Self-esteem: 4 steps to feel better about yourselfIf you have low self-esteem, harness the power of your own thoughts and beliefs to change how you feel about yourself. Start with these four steps to a healthier self-esteem.
By Mayo Clinic Staff
Low self-esteem can negatively affect virtually every facet of your life, including your relationships, your job and your health. But you can take steps to boost your self-esteem, even if you've been harboring a poor opinion of yourself since childhood. Start with these four steps.
Step 1: Identify troubling conditions or situations
Think about the conditions or situations that seem to deflate your self-esteem. Common triggers might include:
- A business presentation
- A crisis at work or home
- A challenge with a spouse, loved one, co-worker or other close contact
- A change in life circumstances, such as a job loss or a child leaving home
Step 2: Become aware of thoughts and beliefs
Once you've identified troubling conditions or situations, pay attention to your thoughts about them. This includes your self-talk — what you tell yourself — and your interpretation of what the situation means. Your thoughts and beliefs might be positive, negative or neutral. They might be rational, based on reason or facts, or irrational, based on false ideas.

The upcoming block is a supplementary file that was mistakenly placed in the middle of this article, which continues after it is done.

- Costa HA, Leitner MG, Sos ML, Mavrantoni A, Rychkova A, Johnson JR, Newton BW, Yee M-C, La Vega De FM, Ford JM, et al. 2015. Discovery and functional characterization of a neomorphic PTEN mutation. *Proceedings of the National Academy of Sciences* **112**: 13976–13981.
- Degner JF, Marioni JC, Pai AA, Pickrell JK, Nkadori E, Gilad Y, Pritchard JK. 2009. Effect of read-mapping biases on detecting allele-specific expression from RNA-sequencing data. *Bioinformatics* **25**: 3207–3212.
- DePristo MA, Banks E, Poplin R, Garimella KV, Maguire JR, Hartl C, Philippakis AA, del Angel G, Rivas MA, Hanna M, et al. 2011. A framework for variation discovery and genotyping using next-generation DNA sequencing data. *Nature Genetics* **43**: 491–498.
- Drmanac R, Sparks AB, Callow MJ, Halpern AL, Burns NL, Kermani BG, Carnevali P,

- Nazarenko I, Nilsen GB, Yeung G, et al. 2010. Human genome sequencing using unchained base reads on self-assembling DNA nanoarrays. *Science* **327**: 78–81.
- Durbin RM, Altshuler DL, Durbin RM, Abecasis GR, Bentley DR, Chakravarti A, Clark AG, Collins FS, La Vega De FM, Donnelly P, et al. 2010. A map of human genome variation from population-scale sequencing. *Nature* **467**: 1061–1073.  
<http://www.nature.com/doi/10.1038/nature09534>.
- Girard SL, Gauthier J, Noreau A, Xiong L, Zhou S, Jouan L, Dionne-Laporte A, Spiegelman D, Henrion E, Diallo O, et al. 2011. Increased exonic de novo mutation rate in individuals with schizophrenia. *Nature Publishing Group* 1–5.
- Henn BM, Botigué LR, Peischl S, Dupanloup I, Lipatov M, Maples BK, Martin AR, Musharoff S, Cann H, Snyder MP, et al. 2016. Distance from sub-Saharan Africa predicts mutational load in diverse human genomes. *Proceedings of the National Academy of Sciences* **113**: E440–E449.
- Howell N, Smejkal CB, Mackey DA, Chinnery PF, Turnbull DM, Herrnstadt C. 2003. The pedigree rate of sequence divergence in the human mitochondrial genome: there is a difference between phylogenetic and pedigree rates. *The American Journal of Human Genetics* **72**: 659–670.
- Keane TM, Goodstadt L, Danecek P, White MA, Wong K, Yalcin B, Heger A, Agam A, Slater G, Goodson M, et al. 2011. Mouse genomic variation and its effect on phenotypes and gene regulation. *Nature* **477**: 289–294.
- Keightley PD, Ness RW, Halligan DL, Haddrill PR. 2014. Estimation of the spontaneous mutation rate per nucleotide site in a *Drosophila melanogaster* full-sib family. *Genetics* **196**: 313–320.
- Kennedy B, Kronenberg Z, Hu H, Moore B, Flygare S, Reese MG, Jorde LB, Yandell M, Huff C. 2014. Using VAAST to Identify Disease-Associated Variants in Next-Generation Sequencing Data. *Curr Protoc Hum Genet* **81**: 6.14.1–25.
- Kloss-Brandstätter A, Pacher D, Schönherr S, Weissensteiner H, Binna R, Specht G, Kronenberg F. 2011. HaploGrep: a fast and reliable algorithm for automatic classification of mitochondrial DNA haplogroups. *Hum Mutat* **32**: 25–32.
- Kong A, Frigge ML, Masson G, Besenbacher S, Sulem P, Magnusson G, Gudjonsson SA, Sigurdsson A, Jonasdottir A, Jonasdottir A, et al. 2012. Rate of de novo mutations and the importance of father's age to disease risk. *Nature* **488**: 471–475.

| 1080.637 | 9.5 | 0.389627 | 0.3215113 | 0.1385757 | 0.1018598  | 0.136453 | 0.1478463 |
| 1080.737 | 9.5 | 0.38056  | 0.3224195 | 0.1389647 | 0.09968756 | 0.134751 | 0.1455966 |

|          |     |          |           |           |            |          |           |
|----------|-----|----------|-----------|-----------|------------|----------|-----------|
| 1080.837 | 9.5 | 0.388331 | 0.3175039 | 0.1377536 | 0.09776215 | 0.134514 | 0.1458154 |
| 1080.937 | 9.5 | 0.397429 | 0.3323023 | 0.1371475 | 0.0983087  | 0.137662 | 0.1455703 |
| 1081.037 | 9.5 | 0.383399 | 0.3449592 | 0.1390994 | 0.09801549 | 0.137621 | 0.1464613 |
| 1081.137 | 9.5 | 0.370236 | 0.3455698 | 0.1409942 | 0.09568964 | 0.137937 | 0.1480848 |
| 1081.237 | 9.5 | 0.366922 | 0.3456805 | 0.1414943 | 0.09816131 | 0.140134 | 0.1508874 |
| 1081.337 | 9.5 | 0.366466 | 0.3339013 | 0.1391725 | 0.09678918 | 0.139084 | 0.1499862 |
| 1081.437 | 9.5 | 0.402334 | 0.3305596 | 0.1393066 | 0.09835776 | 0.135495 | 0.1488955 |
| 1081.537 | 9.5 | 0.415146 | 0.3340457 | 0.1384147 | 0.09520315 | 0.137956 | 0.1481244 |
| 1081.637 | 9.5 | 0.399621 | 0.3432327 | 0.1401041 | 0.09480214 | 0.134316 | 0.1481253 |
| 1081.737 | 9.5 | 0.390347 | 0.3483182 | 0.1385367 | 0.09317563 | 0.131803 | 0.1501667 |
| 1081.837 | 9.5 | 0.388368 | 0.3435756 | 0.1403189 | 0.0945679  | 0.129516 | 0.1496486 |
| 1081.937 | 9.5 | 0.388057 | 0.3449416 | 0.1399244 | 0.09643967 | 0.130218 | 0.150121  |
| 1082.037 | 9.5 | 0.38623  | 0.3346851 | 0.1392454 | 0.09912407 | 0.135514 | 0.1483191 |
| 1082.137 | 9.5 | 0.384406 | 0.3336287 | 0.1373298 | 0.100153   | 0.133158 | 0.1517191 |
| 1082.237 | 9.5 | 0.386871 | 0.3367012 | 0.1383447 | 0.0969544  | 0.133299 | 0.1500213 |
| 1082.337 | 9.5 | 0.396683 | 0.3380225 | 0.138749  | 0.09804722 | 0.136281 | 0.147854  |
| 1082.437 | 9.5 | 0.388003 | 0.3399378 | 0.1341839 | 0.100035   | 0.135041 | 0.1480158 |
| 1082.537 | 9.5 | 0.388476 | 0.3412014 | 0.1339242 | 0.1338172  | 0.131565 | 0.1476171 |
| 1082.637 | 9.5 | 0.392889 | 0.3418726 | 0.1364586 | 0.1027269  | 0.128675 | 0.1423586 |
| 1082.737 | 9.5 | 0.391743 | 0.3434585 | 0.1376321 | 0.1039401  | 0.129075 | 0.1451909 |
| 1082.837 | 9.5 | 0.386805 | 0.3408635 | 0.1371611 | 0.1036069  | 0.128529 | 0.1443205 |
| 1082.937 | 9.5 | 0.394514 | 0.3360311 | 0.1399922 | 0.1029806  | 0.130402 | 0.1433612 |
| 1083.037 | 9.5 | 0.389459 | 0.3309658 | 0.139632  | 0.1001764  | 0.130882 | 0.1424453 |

Jul. 23, 2011
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- Karren KJ, et al. Mind, Body, Health: The Effects of Attitudes, Emotions and Relationships. 4th ed. San Francisco, Calif.: Pearson Education Inc. 2010:543.
- Building self-esteem: A self-help guide. U.S. Department of Health and Human Services, Substance Abuse and Mental Health Services Administration. http://mentalhealth.samhsa.gov/publications/allpubs/SMA-3715/introduction.asp. Accessed April 29, 2011.
- Self-esteem booster. National Association for Self-Esteem. http://www.self-esteem-nase.org/booster.php. Accessed April 29, 2011.
- Hall-Flavin DK (expert opinion). Mayo Clinic, Rochester, Minn. May 17, 2011.